Employee scheduling is all about striking the perfect balance between your restaurant’s staffing needs and employee availability. By aligning the two, you have the opportunity to save big on labor costs that often account for more than a quarter of your restaurant’s budget. Here are a few ways to get started.
Before putting together your schedule, consider taking some time to determine when your restaurant is busiest. By tracking your restaurant’s average sales and transactions for every day of the week – and at different times of the day – you will have a much better sense of how many employees you should schedule for each particular day – saving you both time and money.
Also consider keeping an eye out for any upcoming festivals, concerts or other major events near your restaurant. While you may not need a fully-staffed kitchen during a typical Tuesday dinner service, sports fans eager to fuel up before the big game could fill your restaurant in no time.
When tracking service trends, the weather can also play a role in your restaurant’s employee scheduling. A heavy snowstorm, for example, may require you to schedule more delivery drivers and less wait staff, for diners who don’t want to venture out into wintry conditions. Consider scheduling on-call workers in case some impacted by the weather can’t make it in.
From handwritten notes to email, there is no shortage of ways workers can relay shift preferences to managers. According to a recent survey, nearly 85 percent of employers have processes in place for staff to share their availability before finalizing a schedule. Still though, 65 percent of workers would try harder to find shift replacements if they had an easier way to communicate with coworkers while 53 percent would be more likely to pick up open shifts.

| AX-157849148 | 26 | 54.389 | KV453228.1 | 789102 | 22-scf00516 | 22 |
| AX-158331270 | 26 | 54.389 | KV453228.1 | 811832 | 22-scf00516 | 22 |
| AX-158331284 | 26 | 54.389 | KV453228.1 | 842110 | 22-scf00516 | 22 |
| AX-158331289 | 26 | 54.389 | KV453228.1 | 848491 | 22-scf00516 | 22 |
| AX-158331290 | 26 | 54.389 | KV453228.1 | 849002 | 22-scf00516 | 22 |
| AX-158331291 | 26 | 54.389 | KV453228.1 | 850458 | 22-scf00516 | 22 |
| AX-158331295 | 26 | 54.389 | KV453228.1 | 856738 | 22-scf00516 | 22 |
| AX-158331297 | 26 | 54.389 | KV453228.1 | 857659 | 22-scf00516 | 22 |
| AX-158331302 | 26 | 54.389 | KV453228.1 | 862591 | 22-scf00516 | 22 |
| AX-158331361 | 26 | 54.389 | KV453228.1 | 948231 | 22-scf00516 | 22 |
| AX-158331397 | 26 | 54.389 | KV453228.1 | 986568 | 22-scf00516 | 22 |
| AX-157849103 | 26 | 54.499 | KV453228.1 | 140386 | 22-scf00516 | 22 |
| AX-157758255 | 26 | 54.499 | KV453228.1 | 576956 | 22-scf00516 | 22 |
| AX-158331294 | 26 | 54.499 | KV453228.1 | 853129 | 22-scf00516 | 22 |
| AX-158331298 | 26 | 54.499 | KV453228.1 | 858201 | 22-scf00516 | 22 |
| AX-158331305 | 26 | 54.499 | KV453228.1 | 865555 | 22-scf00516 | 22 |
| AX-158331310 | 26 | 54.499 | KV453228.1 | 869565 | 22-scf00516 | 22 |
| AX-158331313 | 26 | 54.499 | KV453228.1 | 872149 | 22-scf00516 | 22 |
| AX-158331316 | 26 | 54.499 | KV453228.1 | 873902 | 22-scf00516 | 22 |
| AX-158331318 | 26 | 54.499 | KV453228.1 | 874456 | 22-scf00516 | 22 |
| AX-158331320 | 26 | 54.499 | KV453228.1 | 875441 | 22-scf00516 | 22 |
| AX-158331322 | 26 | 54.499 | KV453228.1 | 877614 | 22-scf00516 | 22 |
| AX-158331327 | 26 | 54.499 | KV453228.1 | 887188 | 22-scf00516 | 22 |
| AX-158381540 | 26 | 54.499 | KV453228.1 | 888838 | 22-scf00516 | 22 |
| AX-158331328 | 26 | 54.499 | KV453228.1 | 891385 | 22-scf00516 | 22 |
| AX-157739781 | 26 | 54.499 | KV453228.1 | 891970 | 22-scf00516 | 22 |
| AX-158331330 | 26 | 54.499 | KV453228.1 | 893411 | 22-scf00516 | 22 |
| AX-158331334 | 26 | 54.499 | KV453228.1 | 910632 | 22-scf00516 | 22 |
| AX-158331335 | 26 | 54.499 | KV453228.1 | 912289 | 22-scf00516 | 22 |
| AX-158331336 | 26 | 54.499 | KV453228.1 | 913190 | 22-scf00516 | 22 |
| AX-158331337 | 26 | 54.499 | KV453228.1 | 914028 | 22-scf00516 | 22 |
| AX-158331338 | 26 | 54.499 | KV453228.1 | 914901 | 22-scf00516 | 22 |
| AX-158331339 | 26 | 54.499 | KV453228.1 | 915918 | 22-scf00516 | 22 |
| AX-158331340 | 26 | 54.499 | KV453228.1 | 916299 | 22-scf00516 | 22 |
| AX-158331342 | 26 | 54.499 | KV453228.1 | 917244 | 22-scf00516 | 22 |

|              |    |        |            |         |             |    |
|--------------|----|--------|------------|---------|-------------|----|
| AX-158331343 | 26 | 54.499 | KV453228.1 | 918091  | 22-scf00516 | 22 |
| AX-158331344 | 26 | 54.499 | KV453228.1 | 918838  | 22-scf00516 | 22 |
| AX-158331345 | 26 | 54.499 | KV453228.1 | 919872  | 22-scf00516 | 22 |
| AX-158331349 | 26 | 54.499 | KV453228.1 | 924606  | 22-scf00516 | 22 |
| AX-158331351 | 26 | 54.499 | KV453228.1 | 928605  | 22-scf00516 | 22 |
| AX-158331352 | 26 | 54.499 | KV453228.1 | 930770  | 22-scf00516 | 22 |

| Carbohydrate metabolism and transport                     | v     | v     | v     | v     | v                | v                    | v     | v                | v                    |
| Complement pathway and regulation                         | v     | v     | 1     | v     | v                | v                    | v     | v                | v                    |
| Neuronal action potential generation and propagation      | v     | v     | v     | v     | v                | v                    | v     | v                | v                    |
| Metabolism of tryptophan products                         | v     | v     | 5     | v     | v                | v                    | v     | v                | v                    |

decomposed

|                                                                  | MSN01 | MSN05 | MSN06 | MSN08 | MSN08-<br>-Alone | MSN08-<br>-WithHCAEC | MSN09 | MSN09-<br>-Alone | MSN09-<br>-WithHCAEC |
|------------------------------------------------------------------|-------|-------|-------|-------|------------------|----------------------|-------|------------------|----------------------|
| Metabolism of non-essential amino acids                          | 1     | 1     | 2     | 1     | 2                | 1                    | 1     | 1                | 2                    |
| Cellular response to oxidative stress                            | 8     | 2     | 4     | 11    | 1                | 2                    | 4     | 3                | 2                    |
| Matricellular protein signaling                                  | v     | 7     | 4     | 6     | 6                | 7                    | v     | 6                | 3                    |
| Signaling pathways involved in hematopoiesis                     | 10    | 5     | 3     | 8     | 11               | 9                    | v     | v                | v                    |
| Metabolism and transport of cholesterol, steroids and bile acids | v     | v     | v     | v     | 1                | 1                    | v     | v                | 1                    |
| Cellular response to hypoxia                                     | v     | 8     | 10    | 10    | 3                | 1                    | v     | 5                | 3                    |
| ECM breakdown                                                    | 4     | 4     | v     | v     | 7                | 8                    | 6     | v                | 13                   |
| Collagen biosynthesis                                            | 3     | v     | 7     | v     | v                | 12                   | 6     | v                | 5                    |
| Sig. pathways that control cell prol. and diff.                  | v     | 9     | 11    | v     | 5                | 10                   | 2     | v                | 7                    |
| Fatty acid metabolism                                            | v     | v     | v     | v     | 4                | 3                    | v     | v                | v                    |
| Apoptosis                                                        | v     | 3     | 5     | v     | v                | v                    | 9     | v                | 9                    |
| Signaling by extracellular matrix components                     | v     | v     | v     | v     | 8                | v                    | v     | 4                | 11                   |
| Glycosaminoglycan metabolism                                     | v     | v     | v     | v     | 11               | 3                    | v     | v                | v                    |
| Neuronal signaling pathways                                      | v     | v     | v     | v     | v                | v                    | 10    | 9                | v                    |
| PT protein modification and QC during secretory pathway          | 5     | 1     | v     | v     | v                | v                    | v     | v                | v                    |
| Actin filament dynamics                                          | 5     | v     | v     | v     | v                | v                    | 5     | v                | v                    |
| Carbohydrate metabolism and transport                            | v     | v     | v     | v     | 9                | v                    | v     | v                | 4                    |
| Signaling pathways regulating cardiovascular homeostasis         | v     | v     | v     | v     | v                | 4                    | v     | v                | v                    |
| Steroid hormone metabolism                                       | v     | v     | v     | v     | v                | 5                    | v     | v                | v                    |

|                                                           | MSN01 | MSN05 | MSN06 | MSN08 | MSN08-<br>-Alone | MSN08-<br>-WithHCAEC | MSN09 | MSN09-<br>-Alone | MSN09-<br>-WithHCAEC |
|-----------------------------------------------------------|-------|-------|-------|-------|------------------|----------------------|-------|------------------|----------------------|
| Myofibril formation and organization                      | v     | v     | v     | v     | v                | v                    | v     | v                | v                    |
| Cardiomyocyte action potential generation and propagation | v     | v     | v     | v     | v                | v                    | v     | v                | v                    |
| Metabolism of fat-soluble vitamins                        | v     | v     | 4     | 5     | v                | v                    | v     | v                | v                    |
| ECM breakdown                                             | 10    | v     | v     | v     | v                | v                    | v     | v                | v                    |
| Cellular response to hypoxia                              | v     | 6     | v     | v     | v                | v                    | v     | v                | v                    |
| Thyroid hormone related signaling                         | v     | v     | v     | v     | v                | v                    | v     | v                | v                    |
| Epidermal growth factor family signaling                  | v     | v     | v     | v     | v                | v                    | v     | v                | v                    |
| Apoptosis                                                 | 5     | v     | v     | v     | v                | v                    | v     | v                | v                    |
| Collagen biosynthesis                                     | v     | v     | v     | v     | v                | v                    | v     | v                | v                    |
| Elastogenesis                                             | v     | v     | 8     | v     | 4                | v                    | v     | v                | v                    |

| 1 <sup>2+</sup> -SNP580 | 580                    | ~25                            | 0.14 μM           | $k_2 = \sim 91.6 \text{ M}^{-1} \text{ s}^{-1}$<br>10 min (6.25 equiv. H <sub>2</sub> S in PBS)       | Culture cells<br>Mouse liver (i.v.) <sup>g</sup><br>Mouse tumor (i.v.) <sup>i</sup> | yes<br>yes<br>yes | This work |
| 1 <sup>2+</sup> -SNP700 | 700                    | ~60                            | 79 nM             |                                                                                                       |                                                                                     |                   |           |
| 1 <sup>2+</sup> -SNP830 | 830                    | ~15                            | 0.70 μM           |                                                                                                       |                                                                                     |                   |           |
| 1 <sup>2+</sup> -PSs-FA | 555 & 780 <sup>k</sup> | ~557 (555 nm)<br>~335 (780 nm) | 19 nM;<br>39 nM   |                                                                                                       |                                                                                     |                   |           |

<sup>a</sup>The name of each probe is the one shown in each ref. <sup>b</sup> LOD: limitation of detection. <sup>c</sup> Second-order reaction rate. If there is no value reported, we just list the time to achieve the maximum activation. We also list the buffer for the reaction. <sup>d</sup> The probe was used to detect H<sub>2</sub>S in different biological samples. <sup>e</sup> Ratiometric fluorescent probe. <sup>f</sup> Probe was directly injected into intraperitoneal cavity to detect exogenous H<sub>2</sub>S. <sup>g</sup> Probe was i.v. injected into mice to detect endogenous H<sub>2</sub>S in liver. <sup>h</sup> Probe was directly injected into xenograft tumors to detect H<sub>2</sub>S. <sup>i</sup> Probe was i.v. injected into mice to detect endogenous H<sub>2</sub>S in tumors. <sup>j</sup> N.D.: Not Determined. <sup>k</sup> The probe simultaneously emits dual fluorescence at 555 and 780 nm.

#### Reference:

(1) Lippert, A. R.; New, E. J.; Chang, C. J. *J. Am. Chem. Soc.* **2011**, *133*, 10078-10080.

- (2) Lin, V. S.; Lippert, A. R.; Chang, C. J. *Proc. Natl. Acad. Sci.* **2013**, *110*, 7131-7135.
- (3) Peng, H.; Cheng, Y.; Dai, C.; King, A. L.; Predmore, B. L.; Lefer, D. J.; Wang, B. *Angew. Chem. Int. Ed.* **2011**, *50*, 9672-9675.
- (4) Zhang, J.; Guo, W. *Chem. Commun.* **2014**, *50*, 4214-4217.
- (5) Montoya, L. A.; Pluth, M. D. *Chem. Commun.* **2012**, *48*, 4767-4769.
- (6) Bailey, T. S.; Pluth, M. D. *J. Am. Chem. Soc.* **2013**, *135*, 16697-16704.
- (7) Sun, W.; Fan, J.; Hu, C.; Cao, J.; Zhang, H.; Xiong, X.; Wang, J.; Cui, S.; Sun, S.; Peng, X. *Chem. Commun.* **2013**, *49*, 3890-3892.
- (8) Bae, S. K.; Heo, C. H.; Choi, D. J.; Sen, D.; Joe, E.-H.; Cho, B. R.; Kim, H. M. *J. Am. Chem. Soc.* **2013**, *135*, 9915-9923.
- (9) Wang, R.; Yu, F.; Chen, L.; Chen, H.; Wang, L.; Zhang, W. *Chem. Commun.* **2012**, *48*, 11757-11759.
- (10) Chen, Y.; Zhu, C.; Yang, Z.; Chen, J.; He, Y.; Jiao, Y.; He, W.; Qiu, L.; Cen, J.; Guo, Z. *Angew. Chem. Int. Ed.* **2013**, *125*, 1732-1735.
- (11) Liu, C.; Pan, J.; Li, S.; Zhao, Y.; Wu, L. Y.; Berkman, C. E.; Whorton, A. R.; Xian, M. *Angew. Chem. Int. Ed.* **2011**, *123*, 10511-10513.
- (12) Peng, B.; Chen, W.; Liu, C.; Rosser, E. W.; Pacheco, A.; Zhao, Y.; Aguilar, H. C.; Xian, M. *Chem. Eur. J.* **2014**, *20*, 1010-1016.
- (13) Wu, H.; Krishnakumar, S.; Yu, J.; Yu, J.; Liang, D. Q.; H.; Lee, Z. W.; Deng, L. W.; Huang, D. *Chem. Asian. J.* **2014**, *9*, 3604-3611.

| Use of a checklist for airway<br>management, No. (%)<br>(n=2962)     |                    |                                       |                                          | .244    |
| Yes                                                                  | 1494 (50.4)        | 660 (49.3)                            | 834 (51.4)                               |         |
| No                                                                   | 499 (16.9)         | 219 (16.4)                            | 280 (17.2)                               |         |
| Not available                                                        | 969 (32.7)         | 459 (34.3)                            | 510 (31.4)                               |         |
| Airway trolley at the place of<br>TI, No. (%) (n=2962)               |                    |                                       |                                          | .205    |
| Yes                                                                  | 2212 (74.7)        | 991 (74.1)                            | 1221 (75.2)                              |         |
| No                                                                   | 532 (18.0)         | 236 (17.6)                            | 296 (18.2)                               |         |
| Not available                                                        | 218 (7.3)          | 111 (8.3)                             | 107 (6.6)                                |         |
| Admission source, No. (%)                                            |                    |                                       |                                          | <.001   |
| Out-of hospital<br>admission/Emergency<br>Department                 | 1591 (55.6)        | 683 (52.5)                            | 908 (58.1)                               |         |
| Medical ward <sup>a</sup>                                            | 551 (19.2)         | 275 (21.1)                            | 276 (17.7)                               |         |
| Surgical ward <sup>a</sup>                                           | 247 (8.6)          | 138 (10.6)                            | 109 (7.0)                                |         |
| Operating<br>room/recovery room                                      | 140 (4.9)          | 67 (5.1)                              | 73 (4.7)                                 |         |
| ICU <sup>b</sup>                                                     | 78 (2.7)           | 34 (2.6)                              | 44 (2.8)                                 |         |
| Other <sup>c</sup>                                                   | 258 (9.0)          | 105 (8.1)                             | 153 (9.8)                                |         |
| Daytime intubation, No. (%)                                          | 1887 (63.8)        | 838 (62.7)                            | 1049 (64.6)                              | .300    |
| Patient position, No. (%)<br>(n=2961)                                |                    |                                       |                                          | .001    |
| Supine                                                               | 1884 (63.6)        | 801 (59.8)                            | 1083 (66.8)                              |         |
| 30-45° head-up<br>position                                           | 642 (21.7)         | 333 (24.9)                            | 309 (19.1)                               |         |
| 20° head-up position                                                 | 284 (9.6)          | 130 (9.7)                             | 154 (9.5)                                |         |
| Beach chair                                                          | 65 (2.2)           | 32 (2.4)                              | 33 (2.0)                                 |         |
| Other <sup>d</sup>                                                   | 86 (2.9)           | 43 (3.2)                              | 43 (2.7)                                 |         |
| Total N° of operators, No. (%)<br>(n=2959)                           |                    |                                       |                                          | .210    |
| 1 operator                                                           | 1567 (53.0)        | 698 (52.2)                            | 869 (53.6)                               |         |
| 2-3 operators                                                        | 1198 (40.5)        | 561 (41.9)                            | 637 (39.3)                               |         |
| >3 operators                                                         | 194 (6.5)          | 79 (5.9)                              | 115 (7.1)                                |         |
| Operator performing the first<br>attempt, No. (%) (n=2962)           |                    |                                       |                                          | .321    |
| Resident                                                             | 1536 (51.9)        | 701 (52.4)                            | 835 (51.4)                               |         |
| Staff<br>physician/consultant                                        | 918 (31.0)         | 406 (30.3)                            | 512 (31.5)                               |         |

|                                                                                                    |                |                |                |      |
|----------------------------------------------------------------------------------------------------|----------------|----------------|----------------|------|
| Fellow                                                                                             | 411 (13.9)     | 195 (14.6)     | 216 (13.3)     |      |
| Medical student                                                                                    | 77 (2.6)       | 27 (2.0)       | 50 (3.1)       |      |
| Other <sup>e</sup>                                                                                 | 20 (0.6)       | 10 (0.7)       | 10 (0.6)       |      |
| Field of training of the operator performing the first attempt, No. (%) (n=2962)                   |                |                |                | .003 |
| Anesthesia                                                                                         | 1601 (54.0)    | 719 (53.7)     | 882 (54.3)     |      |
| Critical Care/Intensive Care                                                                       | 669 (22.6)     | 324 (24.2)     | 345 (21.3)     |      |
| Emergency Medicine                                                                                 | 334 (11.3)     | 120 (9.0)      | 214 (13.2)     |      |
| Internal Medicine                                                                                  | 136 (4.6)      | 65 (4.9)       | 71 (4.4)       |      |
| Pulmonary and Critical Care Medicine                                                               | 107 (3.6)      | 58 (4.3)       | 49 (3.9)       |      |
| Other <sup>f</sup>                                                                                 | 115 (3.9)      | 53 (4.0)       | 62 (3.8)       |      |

By implementing scheduling software that employees can access anonymously from a desktop or mobile device, you may be able to encourage greater collaboration between them – resulting in more complete and accurate schedules, and happier employees.
A survey of 300 hourly workers revealed that about half of them receive their work schedule a week or less in advance. These findings are especially relevant to the restaurant industry, which features a workforce primarily made up of hourly workers. In fact, 86 percent of employees in the restaurant sector are hourly.
California Assemblyman David Chu is one of many politicians who are working to pass legislation that will make it easier for hourly workers to balance jobs, family responsibilities and finances. Chu’s Fair Scheduling Act of 2015 seeks to provide retail and foodservice employees with their work schedule at least two weeks in advance.
You may want to consider being proactive and doing this at your restaurant. By giving your front- and back-of-house staff advanced notice of their schedule, you not only have the chance to avoid frequent shift conflicts, but you can also buy yourself more time to work around scheduling changes that do occur. Perhaps most importantly, employees may be less inclined to leave because of obligations outside of work, thereby eliminating high turnover costs.